Judiciary

One Supreme Court vote can change everything

The most important public officials in this election year will not appear on any ballot because they are not elected. The federal judiciary has become the most powerful branch, rather than the weakest as America’s founders intended, because judges have taken control of the law away from the people. The Constitution may say what the people want it to say, but today it often means what judges want it to mean. Liberty is a casualty of this judicial takeover. But there is hope. While we do not elect federal judges, we do elect those who appoint them.

Judges come in two basic varieties when it comes to interpreting the Constitution. Judges believe either that the Constitution’s meaning comes from the same source as its words, or that it comes from somewhere else. The first type of judge is sometimes called restrained, originalist, or constitutionalist. The second type of judge is just plain activist. Judges either accept what the Constitution already means, or they create whatever meaning they want the Constitution to have.

Over the last few decades, Presidents have appointed an average of 48 judges per year and those judges serve for an average of more than 20 years. While lower court judges have the final say in literally 99 percent of federal court cases, however, we do not call it the “Supreme” Court for nothing. Examples abound of cases in which the Supreme Court correctly interpreted the Constitution on critical issues by the slimmest 5–4 margin. If ever a single vote makes a huge difference, Now is the time. Replacing any member of this majority with an activist justice will mean that the Supreme Court will exert even more control over the Constitution and that such cases and issues may well be decided the other way.

By only a 5–4 margin, for example, the Supreme Court has held that the 2nd Amendment right to keep and bear arms is an individual right that neither states nor the federal government may infringe. In District of Columbia v. Heller (2008), the court struck down the District’s handgun ban after exploring what America’s founders intended the 2nd Amendment to mean. Justice Breyer’s dissent argued that even rights explicitly in the Constitution’s text must conform to how judges balance the interests of individuals and the government. In other words, we have only the rights that judges choose to give us.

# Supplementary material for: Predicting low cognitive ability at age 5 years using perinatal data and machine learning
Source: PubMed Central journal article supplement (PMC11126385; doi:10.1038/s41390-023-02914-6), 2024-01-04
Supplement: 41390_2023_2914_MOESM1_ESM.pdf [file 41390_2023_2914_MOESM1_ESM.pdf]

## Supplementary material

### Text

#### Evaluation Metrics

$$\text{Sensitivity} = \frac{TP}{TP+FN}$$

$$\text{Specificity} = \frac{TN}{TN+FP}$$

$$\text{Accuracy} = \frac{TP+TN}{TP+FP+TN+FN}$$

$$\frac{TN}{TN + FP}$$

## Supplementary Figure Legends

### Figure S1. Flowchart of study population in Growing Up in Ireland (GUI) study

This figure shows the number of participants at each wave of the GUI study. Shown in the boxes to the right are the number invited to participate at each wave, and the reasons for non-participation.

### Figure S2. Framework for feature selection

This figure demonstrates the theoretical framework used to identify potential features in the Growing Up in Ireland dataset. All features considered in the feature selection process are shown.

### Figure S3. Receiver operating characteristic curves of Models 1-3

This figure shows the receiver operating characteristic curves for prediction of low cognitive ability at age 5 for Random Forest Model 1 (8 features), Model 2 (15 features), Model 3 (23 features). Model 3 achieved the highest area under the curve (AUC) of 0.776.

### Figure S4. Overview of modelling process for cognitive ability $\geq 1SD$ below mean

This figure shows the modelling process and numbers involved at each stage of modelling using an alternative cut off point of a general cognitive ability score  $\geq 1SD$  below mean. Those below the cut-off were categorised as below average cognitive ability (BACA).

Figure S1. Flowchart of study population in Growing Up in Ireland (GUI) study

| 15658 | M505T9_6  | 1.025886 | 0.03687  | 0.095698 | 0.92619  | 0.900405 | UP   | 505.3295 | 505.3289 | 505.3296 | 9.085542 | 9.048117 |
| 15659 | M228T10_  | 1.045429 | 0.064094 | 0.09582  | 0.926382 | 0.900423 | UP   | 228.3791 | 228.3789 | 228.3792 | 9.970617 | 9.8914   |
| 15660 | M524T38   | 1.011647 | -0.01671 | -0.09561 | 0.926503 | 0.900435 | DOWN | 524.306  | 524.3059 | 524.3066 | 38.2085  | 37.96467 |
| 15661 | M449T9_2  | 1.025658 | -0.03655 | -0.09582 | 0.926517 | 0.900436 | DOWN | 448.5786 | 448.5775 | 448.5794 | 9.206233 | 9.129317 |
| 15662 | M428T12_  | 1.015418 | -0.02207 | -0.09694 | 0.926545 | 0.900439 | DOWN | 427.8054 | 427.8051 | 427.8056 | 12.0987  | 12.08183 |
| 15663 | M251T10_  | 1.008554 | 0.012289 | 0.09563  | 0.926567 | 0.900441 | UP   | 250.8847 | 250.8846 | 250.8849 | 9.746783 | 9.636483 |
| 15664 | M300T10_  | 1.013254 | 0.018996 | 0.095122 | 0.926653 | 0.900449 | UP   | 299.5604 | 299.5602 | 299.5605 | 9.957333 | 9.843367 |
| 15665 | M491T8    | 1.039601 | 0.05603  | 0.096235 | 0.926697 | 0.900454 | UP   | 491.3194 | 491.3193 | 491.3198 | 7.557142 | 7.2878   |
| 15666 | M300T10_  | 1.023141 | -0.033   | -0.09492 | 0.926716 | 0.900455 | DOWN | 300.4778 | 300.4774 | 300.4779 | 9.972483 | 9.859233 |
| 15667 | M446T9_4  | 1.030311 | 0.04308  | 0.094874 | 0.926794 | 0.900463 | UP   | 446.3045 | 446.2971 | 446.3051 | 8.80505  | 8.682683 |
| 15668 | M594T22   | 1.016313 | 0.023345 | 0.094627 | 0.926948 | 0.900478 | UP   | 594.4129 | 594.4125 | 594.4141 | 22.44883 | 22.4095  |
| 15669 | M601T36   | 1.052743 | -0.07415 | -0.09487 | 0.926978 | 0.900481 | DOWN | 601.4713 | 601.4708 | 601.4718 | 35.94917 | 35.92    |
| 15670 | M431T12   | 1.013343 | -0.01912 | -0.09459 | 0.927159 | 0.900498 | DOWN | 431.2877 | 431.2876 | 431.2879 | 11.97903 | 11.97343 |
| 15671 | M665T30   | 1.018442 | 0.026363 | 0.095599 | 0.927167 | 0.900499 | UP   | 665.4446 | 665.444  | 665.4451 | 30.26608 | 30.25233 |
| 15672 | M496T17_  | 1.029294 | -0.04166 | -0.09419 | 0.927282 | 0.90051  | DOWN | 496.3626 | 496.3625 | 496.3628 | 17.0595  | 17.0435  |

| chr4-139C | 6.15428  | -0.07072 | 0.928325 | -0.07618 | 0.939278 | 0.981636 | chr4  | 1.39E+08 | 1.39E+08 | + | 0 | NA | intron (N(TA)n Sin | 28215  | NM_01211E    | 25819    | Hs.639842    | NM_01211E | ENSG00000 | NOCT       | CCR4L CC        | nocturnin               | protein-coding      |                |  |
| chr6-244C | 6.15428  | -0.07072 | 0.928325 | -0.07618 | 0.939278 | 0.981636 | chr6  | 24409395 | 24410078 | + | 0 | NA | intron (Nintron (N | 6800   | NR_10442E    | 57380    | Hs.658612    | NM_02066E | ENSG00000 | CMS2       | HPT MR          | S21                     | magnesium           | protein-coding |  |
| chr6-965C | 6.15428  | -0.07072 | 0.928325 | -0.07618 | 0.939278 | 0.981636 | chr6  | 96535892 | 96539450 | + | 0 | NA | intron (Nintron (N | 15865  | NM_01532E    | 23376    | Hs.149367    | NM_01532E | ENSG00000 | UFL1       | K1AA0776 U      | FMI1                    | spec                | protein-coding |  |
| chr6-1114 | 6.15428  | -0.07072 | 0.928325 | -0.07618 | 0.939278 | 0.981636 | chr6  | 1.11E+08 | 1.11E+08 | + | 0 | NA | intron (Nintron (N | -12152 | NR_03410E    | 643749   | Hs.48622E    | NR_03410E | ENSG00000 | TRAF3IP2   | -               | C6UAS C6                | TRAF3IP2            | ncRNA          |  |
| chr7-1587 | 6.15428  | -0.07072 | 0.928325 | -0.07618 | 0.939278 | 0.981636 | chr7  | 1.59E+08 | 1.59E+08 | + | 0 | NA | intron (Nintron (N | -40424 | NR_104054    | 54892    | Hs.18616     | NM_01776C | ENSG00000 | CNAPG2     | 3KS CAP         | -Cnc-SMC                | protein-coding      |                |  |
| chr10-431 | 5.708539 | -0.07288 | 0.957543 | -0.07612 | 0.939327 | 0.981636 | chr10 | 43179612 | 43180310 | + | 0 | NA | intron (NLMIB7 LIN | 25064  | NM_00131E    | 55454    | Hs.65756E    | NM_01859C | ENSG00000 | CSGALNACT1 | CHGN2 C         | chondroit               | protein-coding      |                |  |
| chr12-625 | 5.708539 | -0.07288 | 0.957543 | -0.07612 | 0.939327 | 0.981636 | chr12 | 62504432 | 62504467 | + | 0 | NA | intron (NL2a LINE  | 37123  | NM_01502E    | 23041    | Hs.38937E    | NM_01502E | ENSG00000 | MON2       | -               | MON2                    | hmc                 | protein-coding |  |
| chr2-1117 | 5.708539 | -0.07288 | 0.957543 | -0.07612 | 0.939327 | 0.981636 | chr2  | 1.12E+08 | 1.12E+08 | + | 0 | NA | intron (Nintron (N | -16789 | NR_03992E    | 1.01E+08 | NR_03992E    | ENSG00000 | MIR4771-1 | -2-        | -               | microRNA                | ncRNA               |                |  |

By only a 5–4 margin, the Supreme Court has held that the government may not control who may speak on political issues during election campaigns. In Citizens United v. Federal Election Commission (2010), the court recognized that groups of people, such as non-profit organizations or corporations, as well individuals can exercise “the freedom of speech” that the 1st Amendment protects. It struck down a state law and part of a federal law prohibiting expenditures for political speech by certain groups during election season. Nothing threatens free speech more than the government’s controlling who may speak about the government.

By only a 5–4 margin, the Supreme Court has held that private organizations may determine their own membership and leadership. In Boy Scots of America v. Dale (2000), the court upheld the Boy Scouts’ policy of excluding open homosexuals. Dictating a group’s membership, the court said, is often akin to dictating a group’s message, something the 1st Amendment prohibits the government from doing. Justice Stevens’ dissent argued, in effect, that judges may determine what a group’s values are and what furthers or undermines those values.